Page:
Gruska: Yeah, totally. I’ve just been getting more into all this different kind of equipment over the last couple of years, sort of collecting new ways to make sounds. There are a bunch of incredible apps on the iPad or the phone that do these really incredible, intuitive touchscreen sampling things. I was kind of trying to expand my toolbox a little bit. I also produce for other people so I also saw this record as a way to do a little bit of research and development, and learn how to do things so that I can incorporate them into other projects.
You’ve produced music for tons of others, but you do for yourself as well. What do you like about producing your own music, and besides the obvious, how is it different?
Gruska: I love both so much. When I’m producing for somebody else, the great side of it is that my inner critic is much more balanced, and I can just focus on being inspired by the person I’m working with. And when I’m working with my own stuff, I might be a little bit more jaded. It’s just a different process. But when it’s my own thing, I can kind of go further. There’s less of a compromise that needs to be made, which is always great. I love making those compromises with people, because it usually makes things better. But sometimes finding a long-way-around route, or a more complicated way is interesting, too.
Do you ever find that you have to stop yourself from doing something a certain way?
Gruska: Not necessarily stop myself, but I think I always just have to remind myself of that when it’s not my project. So if there’s a difference in opinion, I’ll obviously always fight for what I believe in, but at the same time there’s a threshold. If you’re talking to an artist that you’re working with and you guys come to a difference in taste or opinion, the artist has to win. Finding a smart way to compromise is the best way, but if it comes down to that, then that’s how it should be. And that’s beautiful, I think, and I actually really love that, because it allows for a much more even sense of diversity in what I do, because I get to sort of assume somebody else’s wishes. Most of the artists that I work with are incredibly willing to experiment and go the extra mile – like Phoebe Bridgers, for example. She’s always down to just try anything. I’m really lucky that I get to work with people that allow for experimentation and to figure out any problem.
En Garde seems to be a lot more collaborative than Slowmotionary, which felt very insular. What led to the decision to invite others into the space of the record? I love the songs with Moses Sumney and Lianne La Havas.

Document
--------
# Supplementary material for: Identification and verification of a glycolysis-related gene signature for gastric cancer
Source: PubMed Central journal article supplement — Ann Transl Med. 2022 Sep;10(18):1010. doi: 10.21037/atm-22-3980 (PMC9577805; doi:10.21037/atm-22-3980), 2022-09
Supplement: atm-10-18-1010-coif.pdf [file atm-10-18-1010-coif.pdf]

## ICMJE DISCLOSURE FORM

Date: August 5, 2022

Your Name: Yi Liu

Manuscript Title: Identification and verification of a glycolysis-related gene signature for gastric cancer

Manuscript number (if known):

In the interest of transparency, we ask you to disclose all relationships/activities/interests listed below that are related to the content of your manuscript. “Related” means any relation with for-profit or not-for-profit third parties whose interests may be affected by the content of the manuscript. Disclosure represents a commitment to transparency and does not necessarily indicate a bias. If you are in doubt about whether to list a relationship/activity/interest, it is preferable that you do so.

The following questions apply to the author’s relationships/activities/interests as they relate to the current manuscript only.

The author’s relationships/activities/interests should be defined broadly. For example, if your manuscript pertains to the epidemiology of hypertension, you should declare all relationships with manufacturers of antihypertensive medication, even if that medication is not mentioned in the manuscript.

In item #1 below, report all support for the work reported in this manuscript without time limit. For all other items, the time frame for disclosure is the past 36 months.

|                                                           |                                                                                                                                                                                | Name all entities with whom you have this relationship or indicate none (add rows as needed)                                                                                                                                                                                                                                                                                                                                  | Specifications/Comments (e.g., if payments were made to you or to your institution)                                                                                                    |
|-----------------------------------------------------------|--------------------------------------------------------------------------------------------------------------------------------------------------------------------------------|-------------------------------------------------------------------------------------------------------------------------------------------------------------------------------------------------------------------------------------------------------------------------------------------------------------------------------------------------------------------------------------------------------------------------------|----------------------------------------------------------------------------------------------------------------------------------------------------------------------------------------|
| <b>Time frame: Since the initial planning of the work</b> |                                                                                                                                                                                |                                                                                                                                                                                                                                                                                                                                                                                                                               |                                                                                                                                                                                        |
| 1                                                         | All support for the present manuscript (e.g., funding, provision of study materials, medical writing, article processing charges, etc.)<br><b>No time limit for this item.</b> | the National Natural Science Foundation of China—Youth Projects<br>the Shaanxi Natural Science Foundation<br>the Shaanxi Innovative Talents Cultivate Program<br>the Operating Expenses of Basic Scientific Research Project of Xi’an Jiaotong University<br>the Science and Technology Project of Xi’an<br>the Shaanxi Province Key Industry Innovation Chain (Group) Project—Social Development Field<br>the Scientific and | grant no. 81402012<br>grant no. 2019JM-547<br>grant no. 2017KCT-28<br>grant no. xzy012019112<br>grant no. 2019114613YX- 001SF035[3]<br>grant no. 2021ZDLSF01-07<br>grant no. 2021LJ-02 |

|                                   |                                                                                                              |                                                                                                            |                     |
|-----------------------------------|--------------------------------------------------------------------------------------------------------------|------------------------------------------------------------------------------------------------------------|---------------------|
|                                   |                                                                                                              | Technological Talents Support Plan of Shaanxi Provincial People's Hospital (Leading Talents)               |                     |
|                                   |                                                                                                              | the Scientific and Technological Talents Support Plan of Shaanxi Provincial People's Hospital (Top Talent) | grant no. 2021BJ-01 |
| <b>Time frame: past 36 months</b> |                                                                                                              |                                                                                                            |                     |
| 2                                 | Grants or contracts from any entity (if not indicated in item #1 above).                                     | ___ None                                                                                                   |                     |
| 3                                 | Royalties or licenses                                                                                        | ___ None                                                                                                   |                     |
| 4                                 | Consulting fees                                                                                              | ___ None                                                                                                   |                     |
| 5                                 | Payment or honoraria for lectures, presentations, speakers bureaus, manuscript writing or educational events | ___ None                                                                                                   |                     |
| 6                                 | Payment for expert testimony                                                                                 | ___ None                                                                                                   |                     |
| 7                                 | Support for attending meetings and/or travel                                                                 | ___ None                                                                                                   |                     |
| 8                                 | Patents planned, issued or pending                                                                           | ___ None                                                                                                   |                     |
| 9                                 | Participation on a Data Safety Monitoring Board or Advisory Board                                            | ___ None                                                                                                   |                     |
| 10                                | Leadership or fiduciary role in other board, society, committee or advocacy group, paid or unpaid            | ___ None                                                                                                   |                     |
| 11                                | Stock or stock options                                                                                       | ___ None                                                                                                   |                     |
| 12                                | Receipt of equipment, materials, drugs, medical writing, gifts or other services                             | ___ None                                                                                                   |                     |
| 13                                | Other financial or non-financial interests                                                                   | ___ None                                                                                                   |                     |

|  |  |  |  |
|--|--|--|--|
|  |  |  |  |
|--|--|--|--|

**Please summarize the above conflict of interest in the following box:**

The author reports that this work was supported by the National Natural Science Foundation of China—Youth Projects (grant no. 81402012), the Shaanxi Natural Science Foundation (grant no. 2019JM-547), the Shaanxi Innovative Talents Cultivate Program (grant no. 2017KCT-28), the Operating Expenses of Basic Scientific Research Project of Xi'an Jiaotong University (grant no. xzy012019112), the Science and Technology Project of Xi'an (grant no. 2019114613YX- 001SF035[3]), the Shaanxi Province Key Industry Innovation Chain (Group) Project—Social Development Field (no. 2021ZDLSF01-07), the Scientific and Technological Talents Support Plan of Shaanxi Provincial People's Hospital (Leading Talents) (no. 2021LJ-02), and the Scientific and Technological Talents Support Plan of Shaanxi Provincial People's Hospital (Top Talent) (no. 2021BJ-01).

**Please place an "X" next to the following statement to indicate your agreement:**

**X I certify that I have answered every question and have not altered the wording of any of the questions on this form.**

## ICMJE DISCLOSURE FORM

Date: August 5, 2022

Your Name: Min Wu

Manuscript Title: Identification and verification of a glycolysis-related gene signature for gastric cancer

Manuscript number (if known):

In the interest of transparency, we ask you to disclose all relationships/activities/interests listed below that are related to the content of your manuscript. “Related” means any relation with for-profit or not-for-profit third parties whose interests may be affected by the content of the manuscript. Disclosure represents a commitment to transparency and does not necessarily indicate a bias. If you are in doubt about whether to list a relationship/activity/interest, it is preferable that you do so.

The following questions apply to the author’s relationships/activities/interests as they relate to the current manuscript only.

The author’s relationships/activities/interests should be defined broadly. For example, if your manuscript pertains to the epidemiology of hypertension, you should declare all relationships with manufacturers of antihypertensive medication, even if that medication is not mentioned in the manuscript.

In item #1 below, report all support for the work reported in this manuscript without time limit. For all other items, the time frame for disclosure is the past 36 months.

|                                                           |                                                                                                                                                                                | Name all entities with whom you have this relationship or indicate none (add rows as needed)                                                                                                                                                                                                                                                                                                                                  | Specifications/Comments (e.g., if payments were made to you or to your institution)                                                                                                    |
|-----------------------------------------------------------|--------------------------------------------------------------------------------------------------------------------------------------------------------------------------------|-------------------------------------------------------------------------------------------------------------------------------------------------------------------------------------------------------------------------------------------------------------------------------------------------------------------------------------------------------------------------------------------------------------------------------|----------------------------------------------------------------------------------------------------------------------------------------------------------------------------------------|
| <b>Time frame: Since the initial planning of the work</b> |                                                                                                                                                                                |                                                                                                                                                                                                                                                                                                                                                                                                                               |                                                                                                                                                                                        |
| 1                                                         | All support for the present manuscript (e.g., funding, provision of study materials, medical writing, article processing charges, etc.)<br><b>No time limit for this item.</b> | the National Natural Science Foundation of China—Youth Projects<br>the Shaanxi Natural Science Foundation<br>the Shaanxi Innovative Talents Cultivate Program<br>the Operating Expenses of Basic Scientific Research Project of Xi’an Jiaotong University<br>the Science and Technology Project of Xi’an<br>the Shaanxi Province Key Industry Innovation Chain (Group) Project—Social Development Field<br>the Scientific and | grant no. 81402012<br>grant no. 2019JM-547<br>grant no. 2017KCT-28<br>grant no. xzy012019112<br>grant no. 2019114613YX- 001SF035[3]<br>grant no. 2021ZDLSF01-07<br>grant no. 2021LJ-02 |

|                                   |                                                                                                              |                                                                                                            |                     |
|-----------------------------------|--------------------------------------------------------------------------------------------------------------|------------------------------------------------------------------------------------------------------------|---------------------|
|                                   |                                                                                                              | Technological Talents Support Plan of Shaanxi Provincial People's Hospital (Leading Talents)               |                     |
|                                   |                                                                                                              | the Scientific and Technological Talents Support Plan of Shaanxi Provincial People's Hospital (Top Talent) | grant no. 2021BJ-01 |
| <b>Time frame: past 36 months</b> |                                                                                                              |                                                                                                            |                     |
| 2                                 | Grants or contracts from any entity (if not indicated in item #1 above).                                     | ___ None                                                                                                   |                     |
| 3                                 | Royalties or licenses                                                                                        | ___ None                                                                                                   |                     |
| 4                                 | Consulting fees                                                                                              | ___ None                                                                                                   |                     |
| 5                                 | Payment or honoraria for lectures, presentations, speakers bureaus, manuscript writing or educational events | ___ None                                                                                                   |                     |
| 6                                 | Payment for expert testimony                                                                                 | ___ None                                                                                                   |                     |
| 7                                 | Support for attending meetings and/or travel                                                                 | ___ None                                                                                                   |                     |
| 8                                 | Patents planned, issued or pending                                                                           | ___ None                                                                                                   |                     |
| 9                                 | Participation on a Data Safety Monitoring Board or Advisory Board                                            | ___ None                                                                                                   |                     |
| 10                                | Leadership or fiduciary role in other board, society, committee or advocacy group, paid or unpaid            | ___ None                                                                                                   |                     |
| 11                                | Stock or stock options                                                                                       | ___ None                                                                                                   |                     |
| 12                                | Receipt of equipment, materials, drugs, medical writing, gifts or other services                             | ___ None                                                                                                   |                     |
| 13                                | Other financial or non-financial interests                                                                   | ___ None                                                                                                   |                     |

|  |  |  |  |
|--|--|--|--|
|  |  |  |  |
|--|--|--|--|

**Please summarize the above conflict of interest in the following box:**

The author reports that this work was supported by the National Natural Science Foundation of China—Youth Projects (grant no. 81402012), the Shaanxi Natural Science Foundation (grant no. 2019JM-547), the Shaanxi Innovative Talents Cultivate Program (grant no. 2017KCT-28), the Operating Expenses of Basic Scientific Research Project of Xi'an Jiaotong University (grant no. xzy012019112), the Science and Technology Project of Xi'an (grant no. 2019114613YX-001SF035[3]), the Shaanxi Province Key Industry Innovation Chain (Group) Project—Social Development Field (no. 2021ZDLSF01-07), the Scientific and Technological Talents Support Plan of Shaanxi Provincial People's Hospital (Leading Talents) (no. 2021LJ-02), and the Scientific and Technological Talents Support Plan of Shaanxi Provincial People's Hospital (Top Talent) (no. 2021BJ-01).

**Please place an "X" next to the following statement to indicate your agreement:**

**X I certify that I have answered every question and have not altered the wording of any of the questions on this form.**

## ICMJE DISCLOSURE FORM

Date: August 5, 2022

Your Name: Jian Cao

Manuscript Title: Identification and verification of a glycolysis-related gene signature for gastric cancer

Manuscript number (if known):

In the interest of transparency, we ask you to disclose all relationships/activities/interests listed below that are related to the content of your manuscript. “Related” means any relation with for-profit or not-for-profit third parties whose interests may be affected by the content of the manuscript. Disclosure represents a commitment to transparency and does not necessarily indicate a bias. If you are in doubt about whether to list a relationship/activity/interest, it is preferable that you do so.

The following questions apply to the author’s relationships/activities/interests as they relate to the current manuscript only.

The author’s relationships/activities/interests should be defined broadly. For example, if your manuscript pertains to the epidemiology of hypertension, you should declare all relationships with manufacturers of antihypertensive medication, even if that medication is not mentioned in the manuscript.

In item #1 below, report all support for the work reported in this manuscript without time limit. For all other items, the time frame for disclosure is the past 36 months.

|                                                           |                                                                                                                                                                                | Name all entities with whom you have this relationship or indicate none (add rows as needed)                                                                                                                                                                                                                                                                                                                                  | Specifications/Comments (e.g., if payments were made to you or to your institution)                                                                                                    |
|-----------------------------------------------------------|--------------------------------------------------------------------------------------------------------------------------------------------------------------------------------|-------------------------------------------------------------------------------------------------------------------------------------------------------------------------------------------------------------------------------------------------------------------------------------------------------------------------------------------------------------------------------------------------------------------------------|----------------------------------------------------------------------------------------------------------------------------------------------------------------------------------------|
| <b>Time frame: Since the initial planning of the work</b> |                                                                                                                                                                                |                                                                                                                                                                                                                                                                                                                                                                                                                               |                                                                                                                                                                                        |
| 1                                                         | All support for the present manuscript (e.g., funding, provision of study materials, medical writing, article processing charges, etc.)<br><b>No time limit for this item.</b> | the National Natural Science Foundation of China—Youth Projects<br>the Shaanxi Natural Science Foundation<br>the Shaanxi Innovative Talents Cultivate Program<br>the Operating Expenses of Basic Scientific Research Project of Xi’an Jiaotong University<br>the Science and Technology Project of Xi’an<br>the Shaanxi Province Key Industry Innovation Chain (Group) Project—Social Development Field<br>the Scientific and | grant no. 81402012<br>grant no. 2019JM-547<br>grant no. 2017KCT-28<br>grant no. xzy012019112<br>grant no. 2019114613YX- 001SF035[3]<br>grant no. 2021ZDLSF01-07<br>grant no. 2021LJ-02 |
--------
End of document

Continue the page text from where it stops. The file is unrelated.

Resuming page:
Gruska: Those two songs in particular are probably some of my favorites on the record, too. I do a lot of writing for and with other people, and those two songs actually started as songs potentially for them. When I was starting to put together a list of songs for my record, I had those songs sitting around and thought, “I’ll make a version of them and see if I can make them good, and if they’re great and fit on the record, then I’ll talk to them and see if they want to collaborate or if they’re cool with me using them.” That’s more what the Moses one was like, but with Lianne, we just got together and made that whole thing basically in two days together. I just loved it so much that I wanted to include it, and she was totally cool with that. I think opening up the universe of collaboration on this record was a really huge thing for me. It felt like it was more of a community, and I just felt a lot more love and support during and after. I also feel like having other people’s brains just makes everything better, and it makes me more inspired.
During this whole quarantine thing, my guitarist and I have been sending a Logic file back and forth adding stuff, and even that little thing of sharing that with someone even though you're not in the same room is very helpful for your mental health.
Gruska: Oh, it’s so therapeutic and it’s so comforting, because when you’re alone for long enough, you can convince yourself of anything really, and most of the time when you’re alone working on a record, you can very quickly and easily convince yourself that something is not good or not right. And I think when somebody else comes in, it’s just that confidence boost of like, “Well they’re feelin’ it, and they’re inspired, or they’re making these changes that are making you better.” It’s true, it’s exactly what you said. It makes you feel so much stronger and it takes a village, really.
There’s a lot of variation in the songs on both En Garde and Slowmotionary. What’s your writing process like? What, to you, is a sense of cohesiveness?
Gruska: My writing process is usually always the same, in terms of that I’m usually writing on a guitar or piano, just doing the piano and voice and lyrics. I think cohesiveness for me almost doesn’t really matter that much, because my taste in music and everything is just so varied. I gravitate to things that are sort of all over the place because then I can create my own thread and bounce around. It’s probably just a form of ADD [laughs], and that kind of thing comforts me because my brain is bouncing around so fast. I have a lot of nervous energy, so when things are jumping between calm and eccentric and acoustic and electronics, it just sort of fits with my resting brain function.
I think cohesiveness for me almost doesn’t really matter that much, because my taste in music and everything is just so varied. I gravitate to things that are sort of all over the place, because then I can create my own thread and bounce around.